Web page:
Are Marvel movies really “cinema?” This became a massive question in 2019 when Martin Scorsese, Hollywood icon and a brilliant director by every metric known to man, dismissed the crop of MCU blockbusters as nothing more than theme park rides that are chewing up valuable space at the multiplex. Mr. Scorsese, of course, is entitled to his opinion, but it caused a hell of a stir (because in 2019, we also need a lot of things to complain about online, naturally).
I’m trying to interpret this sly move by Scorsese’s daughter, Francesca. On her Instagram story (captured by Deadline), the merry prankster revealed that she wrapped her father’s Christmas presents in Marvel-themed paper.
Hilarious. I love everything about it… unless, she’s saying that these movies are LESS than film. That they’re the equivalent of holiday wrapping paper. That would be a savage indictment of the state of superhero filmmaking, delivered by the daughter of one of our generation’s greatest storytellers. It’s also very possible that I’m reading too much into this, and that the Scorsese’s just have a terrific sense of humor, and Francesca Scorsese knows exactly how to break her father’s balls. To quote Joe Pesci in the masterful The Irishman, “It is what it is.”
No matter what side of this debate you fall on, both Marvel and Marty had terrific years this year. Marvel Studios dominated the box office frame (and received near-universal critical praise) with its output of Captain Marvel, Avengers: Endgame and the Sony collaboration of Spider-Man: Far From Home. All three soared past the $1 billion mark at the international box office, and Endgame is now the highest-grossing movie of all time.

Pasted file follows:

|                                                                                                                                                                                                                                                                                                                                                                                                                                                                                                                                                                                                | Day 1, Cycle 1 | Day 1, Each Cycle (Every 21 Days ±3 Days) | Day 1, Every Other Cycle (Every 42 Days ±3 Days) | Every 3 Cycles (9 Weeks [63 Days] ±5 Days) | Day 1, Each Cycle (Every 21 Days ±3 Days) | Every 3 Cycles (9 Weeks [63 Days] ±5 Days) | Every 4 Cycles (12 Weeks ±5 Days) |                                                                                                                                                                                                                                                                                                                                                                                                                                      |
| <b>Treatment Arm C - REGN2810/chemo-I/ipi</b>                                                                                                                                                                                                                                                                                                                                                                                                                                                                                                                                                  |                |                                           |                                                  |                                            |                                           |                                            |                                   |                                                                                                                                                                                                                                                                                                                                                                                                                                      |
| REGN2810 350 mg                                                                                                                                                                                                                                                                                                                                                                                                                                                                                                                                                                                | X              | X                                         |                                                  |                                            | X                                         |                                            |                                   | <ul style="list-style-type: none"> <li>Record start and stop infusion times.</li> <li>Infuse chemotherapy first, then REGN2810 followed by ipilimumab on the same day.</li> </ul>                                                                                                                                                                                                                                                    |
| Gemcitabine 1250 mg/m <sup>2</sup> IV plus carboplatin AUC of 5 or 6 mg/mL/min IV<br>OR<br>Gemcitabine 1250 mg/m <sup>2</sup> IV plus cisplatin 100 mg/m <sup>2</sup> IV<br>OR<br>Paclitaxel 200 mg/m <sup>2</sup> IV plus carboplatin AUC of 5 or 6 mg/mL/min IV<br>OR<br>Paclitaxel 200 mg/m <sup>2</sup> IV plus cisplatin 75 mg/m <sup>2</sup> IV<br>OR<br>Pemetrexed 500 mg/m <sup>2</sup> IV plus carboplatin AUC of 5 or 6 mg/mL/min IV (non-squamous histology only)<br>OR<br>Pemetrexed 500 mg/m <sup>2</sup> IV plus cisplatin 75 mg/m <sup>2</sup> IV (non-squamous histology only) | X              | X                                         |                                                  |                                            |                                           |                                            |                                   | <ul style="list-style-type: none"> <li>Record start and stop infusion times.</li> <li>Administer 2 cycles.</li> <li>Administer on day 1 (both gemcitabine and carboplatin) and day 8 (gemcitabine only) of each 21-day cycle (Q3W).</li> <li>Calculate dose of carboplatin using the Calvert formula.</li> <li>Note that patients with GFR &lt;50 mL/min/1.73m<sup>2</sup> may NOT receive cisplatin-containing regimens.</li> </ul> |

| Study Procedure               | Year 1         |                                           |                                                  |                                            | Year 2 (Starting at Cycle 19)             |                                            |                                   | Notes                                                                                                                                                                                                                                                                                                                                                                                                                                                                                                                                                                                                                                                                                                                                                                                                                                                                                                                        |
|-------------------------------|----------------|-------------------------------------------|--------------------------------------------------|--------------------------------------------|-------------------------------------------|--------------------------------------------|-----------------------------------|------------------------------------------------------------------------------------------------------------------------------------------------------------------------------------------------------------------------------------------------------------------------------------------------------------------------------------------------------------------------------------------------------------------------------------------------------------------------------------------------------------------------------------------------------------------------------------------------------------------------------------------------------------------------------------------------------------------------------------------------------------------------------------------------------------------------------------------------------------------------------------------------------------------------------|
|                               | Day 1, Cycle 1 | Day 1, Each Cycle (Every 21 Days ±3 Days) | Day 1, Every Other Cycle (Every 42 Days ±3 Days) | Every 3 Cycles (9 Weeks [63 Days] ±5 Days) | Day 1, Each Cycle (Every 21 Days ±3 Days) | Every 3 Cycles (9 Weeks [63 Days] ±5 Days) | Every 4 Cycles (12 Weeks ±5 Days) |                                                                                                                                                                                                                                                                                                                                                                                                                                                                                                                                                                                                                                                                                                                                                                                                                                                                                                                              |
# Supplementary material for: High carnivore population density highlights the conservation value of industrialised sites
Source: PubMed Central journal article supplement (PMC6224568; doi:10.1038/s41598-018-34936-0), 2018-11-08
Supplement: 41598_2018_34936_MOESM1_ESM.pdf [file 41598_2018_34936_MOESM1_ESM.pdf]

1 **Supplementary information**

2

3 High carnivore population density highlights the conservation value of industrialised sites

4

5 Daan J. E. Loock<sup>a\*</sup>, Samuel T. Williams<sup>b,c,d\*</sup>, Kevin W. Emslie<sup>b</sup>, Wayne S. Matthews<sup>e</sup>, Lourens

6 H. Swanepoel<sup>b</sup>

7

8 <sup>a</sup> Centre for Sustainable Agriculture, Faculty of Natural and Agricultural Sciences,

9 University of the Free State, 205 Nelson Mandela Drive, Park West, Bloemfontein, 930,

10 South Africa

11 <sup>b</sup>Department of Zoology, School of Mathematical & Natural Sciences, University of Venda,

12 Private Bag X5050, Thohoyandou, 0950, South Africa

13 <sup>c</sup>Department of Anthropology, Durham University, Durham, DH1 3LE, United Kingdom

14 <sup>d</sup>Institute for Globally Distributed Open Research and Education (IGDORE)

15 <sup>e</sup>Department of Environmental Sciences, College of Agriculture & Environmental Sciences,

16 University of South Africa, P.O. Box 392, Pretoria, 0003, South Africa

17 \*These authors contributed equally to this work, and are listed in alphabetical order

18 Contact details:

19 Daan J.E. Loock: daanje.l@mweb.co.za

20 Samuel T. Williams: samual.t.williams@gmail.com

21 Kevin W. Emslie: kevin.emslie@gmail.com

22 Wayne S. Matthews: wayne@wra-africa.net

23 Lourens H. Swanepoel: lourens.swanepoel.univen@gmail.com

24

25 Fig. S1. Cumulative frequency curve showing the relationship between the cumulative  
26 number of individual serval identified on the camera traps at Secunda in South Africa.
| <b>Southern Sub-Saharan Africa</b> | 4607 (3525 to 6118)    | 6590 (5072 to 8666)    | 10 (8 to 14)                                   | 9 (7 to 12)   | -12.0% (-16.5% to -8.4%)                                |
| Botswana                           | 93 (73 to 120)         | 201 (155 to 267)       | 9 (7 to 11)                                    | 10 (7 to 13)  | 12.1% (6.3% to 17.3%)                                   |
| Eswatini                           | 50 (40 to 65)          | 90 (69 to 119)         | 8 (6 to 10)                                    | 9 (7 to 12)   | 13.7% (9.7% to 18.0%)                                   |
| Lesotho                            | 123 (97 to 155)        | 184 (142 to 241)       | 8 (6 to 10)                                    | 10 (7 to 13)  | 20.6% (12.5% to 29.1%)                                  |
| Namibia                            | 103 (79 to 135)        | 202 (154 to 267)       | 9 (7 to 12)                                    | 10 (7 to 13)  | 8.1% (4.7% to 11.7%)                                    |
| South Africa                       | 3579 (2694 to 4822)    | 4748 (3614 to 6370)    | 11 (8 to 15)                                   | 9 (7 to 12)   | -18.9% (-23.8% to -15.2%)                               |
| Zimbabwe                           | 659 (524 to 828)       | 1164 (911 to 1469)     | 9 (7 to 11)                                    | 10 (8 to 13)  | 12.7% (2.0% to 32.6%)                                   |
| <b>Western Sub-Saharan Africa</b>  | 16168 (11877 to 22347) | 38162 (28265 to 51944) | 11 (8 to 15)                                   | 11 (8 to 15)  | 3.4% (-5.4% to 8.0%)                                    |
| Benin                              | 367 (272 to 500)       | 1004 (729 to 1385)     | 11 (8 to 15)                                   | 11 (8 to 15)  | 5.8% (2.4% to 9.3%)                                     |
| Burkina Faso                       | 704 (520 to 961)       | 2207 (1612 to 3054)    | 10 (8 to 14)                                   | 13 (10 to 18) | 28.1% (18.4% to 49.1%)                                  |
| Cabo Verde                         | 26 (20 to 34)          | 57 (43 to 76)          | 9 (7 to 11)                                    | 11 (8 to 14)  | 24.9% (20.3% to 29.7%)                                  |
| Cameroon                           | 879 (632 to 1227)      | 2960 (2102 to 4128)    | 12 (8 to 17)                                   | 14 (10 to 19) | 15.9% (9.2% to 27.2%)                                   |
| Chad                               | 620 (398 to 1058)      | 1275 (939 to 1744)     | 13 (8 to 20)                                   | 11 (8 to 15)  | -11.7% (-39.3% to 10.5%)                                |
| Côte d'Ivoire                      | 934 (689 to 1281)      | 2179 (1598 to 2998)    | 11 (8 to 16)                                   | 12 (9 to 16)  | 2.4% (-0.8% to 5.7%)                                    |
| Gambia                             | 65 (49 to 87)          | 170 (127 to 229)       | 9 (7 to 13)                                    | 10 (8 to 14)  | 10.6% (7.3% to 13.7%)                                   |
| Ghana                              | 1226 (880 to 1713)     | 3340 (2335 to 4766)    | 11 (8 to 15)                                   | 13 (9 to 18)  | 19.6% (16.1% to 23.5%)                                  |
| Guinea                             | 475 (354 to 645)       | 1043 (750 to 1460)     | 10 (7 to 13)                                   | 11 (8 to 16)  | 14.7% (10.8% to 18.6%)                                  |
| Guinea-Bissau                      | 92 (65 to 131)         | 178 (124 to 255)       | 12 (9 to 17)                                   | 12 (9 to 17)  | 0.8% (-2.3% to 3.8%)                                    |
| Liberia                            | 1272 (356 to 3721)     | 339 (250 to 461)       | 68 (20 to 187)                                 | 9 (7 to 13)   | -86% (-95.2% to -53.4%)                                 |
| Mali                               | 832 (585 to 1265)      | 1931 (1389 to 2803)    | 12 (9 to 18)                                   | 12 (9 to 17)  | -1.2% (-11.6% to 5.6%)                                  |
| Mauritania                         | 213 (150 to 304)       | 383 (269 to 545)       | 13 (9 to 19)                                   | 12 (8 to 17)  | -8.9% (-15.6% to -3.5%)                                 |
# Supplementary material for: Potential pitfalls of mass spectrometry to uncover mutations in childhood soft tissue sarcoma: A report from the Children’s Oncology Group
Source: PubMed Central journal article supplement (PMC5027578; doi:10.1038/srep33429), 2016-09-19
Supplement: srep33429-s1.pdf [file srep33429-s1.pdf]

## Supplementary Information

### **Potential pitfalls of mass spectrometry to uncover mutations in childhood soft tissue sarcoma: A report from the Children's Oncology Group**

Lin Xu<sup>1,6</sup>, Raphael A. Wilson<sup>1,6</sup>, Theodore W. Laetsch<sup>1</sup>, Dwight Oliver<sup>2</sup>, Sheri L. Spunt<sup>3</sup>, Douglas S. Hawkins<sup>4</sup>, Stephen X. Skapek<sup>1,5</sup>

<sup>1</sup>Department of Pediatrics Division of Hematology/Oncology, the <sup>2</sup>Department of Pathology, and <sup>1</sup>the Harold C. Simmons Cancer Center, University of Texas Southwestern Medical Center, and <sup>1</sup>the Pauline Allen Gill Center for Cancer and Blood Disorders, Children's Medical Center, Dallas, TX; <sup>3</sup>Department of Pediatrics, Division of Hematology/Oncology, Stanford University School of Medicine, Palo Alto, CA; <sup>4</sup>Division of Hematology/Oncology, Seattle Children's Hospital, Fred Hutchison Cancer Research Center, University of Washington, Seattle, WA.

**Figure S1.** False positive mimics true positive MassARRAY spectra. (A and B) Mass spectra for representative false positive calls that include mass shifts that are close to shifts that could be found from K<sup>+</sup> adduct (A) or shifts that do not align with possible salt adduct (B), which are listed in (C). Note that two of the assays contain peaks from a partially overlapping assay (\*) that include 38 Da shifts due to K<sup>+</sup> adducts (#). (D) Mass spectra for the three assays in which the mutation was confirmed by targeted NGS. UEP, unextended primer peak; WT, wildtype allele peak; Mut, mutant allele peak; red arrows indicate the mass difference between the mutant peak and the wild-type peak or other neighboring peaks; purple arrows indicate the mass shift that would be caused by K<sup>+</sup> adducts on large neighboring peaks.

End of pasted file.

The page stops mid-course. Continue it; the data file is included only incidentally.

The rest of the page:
Martin Scorsese, meanwhile, made a triumphant picture in The Irishman, reteaming with some of his most powerful collaborators (Joe Pesci, Harvey Keitel and Robert De Niro, to name drop a few) to deliver a gut-punching coda to the type of Mafia-gangster picture Scorsese all-but perfected in Goodfellas and Casino. Though released by Netflix, the movie enjoyed a limited theatrical run, maintained its 3+ hour run time, and is expected to compete for numerous Oscars when the Academy announces its nominees in January.
So, can this blood feud end? I’m kidding. This is the most harmless debate in all of cinema. Scorsese makes some excellent points about studios and distributors being beholden to the tentpoles that prop up the annual release schedule. And he laments the fact that in 2019, he can’t get a movie like The Irishman made in the traditional studio system.
But audiences are finding his movies – and movies like Roma or 6 Underground – on streaming platforms. We have evolved. There’s room at numerous tables for all types of stories. And the joke by Francesca Scorsese was spot on. We hope Marty got a good laugh out of it.